This will likely be the last installment of this little series. I hope that I have offered, up to this point, at least enough reason to consider dialectic and situation not only as valid Christian philosophical categories but potentially helpful tools for thinking about Christian ethics in the world. I have tried to take on words that tend to scare evangelicals (as once they scared me), and this installment I will not tackle the world of dialectic or the flesh of situation but the devil of politics.
Thinking About Everything
Politics is not everything, but everything is political. So I tell my freshman composition students when I set them to the task of writing a political essay. Without fail, I have students tell me, upon finding out the topic, that they “know nothing about” or “do not care about” politics. By the time I explain what politics in its classical sense means, I can generally count on all of my students’ agreement that politics is not only unavoidable but best done well by people who have thought on it.
As is my habit, I begin with Plato and Aristotle. What the Romans came to call Plato’s Republic before that took the Greek name Politeia, roughly translatable as politics. And when Aristotle undertook his Nicomachean Ethics, he insisted in the opening book that any study of human goods must ultimately be a political science. Politics, in the classical imagination, happens when any group of people, living together in some significant way, works together towards a common good.
I offer this classical account of politics for a couple reasons. For one, I want to emphasize that the politics that the 24-hour news networks relay to us from Washington, D.C. are neither the only kind nor the definitive kind of politics; and for two, I want to insist that the politics of congregational life can be better or worse, that they do not start “apolitical” and only become “political” when they begin to resemble Washington, D.C.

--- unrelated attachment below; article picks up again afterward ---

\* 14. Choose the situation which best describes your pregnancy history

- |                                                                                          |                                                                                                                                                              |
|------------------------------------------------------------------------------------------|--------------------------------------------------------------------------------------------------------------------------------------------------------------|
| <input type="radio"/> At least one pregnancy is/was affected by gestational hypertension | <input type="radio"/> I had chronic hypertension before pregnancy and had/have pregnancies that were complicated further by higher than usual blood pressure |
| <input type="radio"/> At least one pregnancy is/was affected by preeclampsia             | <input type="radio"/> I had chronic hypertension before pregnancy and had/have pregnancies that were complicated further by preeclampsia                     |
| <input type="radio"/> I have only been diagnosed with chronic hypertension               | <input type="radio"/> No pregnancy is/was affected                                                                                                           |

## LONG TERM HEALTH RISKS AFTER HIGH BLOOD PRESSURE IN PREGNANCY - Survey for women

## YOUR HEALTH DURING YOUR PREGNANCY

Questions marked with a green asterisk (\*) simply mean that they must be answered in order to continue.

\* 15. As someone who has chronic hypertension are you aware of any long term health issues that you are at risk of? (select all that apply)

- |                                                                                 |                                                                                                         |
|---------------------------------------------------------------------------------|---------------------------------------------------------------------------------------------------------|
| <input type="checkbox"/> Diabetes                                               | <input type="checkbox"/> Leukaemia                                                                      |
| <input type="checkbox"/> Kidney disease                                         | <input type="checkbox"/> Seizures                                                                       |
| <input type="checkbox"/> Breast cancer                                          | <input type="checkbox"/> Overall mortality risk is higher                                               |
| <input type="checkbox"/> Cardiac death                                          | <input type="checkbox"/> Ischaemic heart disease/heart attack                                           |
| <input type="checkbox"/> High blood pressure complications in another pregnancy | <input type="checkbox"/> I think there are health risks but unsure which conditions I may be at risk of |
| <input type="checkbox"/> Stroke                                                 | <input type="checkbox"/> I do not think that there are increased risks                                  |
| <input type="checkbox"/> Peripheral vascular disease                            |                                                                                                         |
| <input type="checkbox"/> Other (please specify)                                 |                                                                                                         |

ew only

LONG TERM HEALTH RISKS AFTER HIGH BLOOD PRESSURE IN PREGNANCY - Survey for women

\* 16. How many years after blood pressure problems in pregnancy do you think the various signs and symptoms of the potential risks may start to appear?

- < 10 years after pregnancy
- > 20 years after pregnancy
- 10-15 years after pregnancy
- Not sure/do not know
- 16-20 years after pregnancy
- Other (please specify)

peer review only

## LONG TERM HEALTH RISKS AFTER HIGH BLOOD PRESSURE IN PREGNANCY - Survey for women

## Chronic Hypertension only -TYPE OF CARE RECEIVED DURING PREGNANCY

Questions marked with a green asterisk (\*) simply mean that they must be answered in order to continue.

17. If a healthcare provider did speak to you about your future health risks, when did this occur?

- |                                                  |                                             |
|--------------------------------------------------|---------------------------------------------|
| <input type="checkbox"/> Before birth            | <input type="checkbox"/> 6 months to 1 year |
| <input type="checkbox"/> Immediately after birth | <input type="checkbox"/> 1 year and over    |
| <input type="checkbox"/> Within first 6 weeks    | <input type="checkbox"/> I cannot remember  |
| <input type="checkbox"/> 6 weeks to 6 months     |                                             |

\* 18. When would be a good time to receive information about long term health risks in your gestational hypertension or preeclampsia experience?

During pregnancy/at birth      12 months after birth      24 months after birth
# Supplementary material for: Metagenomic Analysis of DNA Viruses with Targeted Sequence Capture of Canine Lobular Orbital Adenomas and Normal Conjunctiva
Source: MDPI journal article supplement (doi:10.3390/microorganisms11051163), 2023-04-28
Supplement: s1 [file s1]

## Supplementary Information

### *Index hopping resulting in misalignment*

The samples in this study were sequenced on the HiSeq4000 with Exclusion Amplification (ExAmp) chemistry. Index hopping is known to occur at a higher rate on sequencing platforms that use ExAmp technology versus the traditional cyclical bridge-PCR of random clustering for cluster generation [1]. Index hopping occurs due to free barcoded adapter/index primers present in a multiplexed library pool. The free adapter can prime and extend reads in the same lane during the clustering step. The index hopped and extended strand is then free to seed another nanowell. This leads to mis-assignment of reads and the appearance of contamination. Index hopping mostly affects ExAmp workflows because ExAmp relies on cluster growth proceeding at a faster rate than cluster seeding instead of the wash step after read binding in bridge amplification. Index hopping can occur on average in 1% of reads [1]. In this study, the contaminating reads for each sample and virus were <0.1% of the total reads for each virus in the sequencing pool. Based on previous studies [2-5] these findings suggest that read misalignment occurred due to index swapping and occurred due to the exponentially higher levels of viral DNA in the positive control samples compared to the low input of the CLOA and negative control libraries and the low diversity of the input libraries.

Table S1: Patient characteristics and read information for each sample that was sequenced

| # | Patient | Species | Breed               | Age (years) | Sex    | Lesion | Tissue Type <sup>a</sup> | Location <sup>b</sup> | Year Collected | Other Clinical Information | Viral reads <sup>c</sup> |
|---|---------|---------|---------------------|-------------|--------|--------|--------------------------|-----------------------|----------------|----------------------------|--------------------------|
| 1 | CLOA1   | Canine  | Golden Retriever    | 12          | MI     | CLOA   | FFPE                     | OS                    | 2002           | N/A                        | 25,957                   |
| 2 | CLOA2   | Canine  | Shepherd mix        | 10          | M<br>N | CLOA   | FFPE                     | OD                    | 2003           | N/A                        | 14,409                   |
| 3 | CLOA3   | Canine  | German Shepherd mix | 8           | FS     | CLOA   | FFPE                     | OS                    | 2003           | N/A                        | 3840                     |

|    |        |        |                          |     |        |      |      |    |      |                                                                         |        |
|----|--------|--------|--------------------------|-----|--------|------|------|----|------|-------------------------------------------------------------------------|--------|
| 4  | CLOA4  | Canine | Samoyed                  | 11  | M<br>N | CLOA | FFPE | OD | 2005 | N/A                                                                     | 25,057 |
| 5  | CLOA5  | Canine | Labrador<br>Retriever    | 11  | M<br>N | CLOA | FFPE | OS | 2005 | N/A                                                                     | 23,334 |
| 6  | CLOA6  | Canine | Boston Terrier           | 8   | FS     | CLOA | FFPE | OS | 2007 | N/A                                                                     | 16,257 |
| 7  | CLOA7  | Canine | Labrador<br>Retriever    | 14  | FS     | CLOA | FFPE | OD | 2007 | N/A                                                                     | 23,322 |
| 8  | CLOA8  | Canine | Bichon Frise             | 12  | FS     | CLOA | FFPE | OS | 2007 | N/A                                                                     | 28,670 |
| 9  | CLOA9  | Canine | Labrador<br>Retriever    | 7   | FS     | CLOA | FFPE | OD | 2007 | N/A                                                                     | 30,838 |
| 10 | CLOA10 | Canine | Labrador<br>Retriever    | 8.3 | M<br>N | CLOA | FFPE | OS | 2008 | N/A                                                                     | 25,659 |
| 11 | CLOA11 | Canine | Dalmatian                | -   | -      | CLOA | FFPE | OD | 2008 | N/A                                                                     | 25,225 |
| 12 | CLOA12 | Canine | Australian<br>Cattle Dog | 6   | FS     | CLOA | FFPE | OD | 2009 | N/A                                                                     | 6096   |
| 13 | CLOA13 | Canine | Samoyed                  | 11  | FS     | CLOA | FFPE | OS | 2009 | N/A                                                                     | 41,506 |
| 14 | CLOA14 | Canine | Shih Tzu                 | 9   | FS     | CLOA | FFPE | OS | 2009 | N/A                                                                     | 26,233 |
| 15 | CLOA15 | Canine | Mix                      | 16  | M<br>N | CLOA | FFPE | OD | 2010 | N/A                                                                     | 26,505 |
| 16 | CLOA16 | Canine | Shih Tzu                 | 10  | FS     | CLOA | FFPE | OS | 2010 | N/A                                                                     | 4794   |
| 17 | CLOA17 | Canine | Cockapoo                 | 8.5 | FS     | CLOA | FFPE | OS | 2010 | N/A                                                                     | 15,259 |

The Politics of Allelon
When Paul continues his letter to the Romans from the point I alluded to in the second part of this series (that is to say, chapter twelve), he sets up a spatial metaphor that challenges somewhat the political imagination of Imperial Rome. (As I’ve said before on this blog, I have some respect for Republican Rome, but Imperial Rome makes my stomach turn in all kinds of ways.) In the Empire, power always began high and trickled down. The Imperator (emperor) had power of life and death over everyone. Governors and regional puppet-kings had the same power over their subjects. Men had that power over their wives and children. Masters had it over their slaves. One’s position within an array of hierarchies determined not only who could kill one and whom one could kill but also one’s relationship with other human beings. Brothers could love one another, but a son must fear a father. Wives of legionnaires could respect one another, but the wife of a legionnaire must defer to the wife of a centurion. The scope of “one another” (Greek allelon) was always limited to lateral movement; between Caesar and a slave there was no “one another.” Then came Jesus.
I begin with my standard apology: I have neither the time nor enough of my readers’ confidence to exegete this passage. I simply point to the rather radical repetition of
“one another” to be read not only to those within a tight social sphere but to all the community of Christians:
9 Let love be genuine; hate what is evil, hold fast to what is good; 10love one another with mutual affection; outdo one another in showing honour. 11Do not lag in zeal, be ardent in spirit, serve the Lord. 12Rejoice in hope, be patient in suffering, persevere in prayer. 13Contribute to the needs of the saints; extend hospitality to strangers.